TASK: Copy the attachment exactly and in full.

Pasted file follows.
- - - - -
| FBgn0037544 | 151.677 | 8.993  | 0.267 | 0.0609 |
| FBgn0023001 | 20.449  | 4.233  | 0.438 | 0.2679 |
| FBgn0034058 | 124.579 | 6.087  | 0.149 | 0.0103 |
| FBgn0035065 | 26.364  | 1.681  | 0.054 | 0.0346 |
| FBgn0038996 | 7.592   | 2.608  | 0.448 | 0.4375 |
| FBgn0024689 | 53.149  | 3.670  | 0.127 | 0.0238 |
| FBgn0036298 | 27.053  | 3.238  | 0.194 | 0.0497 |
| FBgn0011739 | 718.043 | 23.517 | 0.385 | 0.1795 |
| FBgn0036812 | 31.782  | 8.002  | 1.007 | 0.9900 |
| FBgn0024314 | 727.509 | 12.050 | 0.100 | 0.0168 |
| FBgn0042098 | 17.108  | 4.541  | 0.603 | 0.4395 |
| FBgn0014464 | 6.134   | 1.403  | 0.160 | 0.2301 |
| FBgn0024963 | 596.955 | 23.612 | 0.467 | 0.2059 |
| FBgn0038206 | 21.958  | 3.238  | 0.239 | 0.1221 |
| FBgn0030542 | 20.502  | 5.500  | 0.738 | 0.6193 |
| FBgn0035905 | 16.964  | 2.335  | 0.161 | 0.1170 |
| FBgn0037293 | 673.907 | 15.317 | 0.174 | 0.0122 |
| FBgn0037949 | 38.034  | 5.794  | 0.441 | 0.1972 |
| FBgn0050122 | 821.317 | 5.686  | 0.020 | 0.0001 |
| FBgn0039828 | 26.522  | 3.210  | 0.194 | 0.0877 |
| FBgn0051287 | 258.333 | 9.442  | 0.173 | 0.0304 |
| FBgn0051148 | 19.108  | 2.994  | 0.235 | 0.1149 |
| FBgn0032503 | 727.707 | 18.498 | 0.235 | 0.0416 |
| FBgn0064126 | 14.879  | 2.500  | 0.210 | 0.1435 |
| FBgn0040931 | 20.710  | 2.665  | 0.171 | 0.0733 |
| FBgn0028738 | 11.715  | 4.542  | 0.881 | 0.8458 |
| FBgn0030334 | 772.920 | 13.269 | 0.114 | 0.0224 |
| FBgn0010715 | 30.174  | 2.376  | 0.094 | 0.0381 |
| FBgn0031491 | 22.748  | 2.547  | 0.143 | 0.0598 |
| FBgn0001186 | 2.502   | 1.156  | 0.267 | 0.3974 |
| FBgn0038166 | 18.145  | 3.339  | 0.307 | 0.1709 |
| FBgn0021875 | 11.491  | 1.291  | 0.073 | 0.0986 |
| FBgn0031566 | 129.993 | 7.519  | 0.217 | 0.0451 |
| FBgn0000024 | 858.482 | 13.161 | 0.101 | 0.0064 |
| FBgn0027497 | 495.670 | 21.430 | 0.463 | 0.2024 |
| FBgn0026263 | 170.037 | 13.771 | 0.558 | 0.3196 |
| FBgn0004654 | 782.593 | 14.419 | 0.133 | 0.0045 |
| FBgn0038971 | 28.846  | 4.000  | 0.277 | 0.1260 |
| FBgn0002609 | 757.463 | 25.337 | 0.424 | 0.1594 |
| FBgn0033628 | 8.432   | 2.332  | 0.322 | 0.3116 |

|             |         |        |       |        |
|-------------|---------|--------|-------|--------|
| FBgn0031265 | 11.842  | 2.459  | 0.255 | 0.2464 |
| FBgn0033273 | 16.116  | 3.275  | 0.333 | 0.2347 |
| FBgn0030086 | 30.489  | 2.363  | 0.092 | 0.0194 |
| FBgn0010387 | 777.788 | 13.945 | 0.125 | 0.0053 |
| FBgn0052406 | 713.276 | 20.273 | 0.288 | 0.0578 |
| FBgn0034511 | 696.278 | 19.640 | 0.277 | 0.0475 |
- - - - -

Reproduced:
| FBgn0037544 | 151.677 | 8.993  | 0.267 | 0.0609 |
| FBgn0023001 | 20.449  | 4.233  | 0.438 | 0.2679 |
| FBgn0034058 | 124.579 | 6.087  | 0.149 | 0.0103 |
| FBgn0035065 | 26.364  | 1.681  | 0.054 | 0.0346 |
| FBgn0038996 | 7.592   | 2.608  | 0.448 | 0.4375 |
| FBgn0024689 | 53.149  | 3.670  | 0.127 | 0.0238 |
| FBgn0036298 | 27.053  | 3.238  | 0.194 | 0.0497 |
| FBgn0011739 | 718.043 | 23.517 | 0.385 | 0.1795 |
| FBgn0036812 | 31.782  | 8.002  | 1.007 | 0.9900 |
| FBgn0024314 | 727.509 | 12.050 | 0.100 | 0.0168 |
| FBgn0042098 | 17.108  | 4.541  | 0.603 | 0.4395 |
| FBgn0014464 | 6.134   | 1.403  | 0.160 | 0.2301 |
| FBgn0024963 | 596.955 | 23.612 | 0.467 | 0.2059 |
| FBgn0038206 | 21.958  | 3.238  | 0.239 | 0.1221 |
| FBgn0030542 | 20.502  | 5.500  | 0.738 | 0.6193 |
| FBgn0035905 | 16.964  | 2.335  | 0.161 | 0.1170 |
| FBgn0037293 | 673.907 | 15.317 | 0.174 | 0.0122 |
| FBgn0037949 | 38.034  | 5.794  | 0.441 | 0.1972 |
| FBgn0050122 | 821.317 | 5.686  | 0.020 | 0.0001 |
| FBgn0039828 | 26.522  | 3.210  | 0.194 | 0.0877 |
| FBgn0051287 | 258.333 | 9.442  | 0.173 | 0.0304 |
| FBgn0051148 | 19.108  | 2.994  | 0.235 | 0.1149 |
| FBgn0032503 | 727.707 | 18.498 | 0.235 | 0.0416 |
| FBgn0064126 | 14.879  | 2.500  | 0.210 | 0.1435 |
| FBgn0040931 | 20.710  | 2.665  | 0.171 | 0.0733 |
| FBgn0028738 | 11.715  | 4.542  | 0.881 | 0.8458 |
| FBgn0030334 | 772.920 | 13.269 | 0.114 | 0.0224 |
| FBgn0010715 | 30.174  | 2.376  | 0.094 | 0.0381 |
| FBgn0031491 | 22.748  | 2.547  | 0.143 | 0.0598 |
| FBgn0001186 | 2.502   | 1.156  | 0.267 | 0.3974 |
| FBgn0038166 | 18.145  | 3.339  | 0.307 | 0.1709 |
| FBgn0021875 | 11.491  | 1.291  | 0.073 | 0.0986 |
| FBgn0031566 | 129.993 | 7.519  | 0.217 | 0.0451 |
| FBgn0000024 | 858.482 | 13.161 | 0.101 | 0.0064 |
| FBgn0027497 | 495.670 | 21.430 | 0.463 | 0.2024 |
| FBgn0026263 | 170.037 | 13.771 | 0.558 | 0.3196 |
| FBgn0004654 | 782.593 | 14.419 | 0.133 | 0.0045 |
| FBgn0038971 | 28.846  | 4.000  | 0.277 | 0.1260 |
| FBgn0002609 | 757.463 | 25.337 | 0.424 | 0.1594 |
| FBgn0033628 | 8.432   | 2.332  | 0.322 | 0.3116 |

|             |         |        |       |        |
|-------------|---------|--------|-------|--------|
| FBgn0031265 | 11.842  | 2.459  | 0.255 | 0.2464 |
| FBgn0033273 | 16.116  | 3.275  | 0.333 | 0.2347 |
| FBgn0030086 | 30.489  | 2.363  | 0.092 | 0.0194 |
| FBgn0010387 | 777.788 | 13.945 | 0.125 | 0.0053 |
| FBgn0052406 | 713.276 | 20.273 | 0.288 | 0.0578 |
| FBgn0034511 | 696.278 | 19.640 | 0.277 | 0.0475 |